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Need help with invasive water plants and water quality in pond.

Posts: 1
Location: California, USA
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Hi there! Recently I started taking care of my parents' land and they have a medium-sized pond that they would like to "clean up" and eventually be able to swim in but I'm not familiar with this type of thing and need some help in getting rid of some invasive water plants as well as improve the quality of the water in general, if possible. Their well is situated on the outskirts of the pond closer to the road and didn't want to have anything I do to the pond affect the water source they use for their home.

Their neighborhood is in the foothills (oak woodland) of the Sierra Nevada at approximately 1,450 feet in elevation. There is a series of 3 ponds almost equal in size that sit on a seasonal creek and theirs is the third. I believe all 3 ponds are manmade though the creek itself is natural. I've attached pictures to help draw a picture of what I'm working with here. It would be nice if it could be kept as natural as possible, but I am open-minded. Preferably, I don't want to mess with the wildlife inhabiting the pond too much. Despite it being how it is, there's still quite a few species that thrive there.

Is there a way to scrape the water plants out? Is there any native plants/animals I could introduce that could help with water quality? Not sure exactly what to do, these are just some thoughts I've had. Any advice would be greatly appreciated! :)
[Thumbnail for lake1.png]
All 3 ponds situated on the seasonal creek, roughly outlined with blue.
[Thumbnail for lake2.png]
Closer view of the pond, with the continuation of the creek outlined in blue. Well head also marked with blue.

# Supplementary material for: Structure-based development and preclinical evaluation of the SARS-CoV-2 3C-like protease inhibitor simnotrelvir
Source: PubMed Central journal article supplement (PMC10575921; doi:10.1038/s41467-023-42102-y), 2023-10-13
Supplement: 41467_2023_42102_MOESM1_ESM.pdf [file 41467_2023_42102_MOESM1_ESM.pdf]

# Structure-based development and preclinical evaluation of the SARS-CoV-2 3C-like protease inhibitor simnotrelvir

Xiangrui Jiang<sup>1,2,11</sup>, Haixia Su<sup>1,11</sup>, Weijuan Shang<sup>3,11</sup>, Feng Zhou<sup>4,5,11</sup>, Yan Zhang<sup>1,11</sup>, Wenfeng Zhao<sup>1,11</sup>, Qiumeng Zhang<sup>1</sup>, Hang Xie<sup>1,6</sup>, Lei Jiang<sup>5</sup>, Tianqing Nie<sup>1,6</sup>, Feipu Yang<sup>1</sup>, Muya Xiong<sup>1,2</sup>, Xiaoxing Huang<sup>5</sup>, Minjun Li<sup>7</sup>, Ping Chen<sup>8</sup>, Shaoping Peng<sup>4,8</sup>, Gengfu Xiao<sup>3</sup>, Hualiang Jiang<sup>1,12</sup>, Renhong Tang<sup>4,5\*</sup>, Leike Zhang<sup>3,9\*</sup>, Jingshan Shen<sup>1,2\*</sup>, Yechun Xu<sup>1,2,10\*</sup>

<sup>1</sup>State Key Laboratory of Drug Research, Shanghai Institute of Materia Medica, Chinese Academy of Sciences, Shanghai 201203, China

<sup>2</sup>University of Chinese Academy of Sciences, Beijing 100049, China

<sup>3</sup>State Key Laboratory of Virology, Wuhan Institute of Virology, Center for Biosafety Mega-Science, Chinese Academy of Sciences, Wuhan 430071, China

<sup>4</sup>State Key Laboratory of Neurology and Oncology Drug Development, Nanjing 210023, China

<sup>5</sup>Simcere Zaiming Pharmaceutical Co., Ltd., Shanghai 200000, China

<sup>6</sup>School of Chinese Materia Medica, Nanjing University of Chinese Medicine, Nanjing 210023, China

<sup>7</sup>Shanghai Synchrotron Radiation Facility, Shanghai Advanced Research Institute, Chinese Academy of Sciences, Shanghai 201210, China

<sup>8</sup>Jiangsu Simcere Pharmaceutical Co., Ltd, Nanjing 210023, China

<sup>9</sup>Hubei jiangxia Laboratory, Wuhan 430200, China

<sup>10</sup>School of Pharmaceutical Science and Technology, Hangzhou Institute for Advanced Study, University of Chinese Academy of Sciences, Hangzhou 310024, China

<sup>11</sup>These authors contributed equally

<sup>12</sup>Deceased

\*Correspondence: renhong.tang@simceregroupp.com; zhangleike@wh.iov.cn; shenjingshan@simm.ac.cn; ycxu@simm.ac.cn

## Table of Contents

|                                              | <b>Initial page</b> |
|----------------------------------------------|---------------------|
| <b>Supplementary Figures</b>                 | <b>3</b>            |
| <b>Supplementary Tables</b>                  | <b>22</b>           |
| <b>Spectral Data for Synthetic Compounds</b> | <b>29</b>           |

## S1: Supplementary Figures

[Thumbnail for water1.png]
Water quality in "clear" section of water.
[Thumbnail for water2.png]
The watermilfoil (?) that seems to pile up on the top of the water, causing algae to grow.
master pollinator
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Location: Central Texas USA Latitude 30 Zone 8
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Water plants are excellent mulch and compost ingredients or worm food.  You can just gently rake them out every now and then.  The problem is the solution.

master pollinator
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If you want aquatic plants gone for good, you need to really redig the pond (a machine type of fix). What happens is, if the sides are not steep enough, light penetrates through the water to the soil and stimulates the plant growth. If you make the sides deeper, this is greatly reduced and you will not get aquatic plants.

I fully recognize that it is not an easy to do fix however.
Posts: 68
Location: Northern California
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I'm no pond expert, so this is just me as 'keyboard consultant' but couple things-

Are you saying the pond you are working on is the THIRD in line, as in the last down-stream one?   That stuff from the creek and the other 2 ponds flow into yours?     That will probably end up messing up your long term solution, as whatever is in those upper ponds will flow into yours.

Where else does that creek wander through upstream from you?   Again, no expert, but that water quality reminds me of creeks from back in Wisconsin that wandered through farms with dairy cattle - that is, that algae there looks "powered" by nitrogen runoff - from cow poop or field fertilizer.   I would want to think about what level of exposure you're comfortable with if that's the case.

I agree with other answer about how great that stuff would be to gather and add to compost or garden.  

Perhaps, if I'm in the ballpark about the nitrogen content, you could plant something - at the upper end edge -  that really sucks up nitrogen. Something you'd like, and could use.  I don't know what that would be, but maybe bamboo?  

What sort of wildlife is in the pond now?  Are there fish? frogs? how deep is it?
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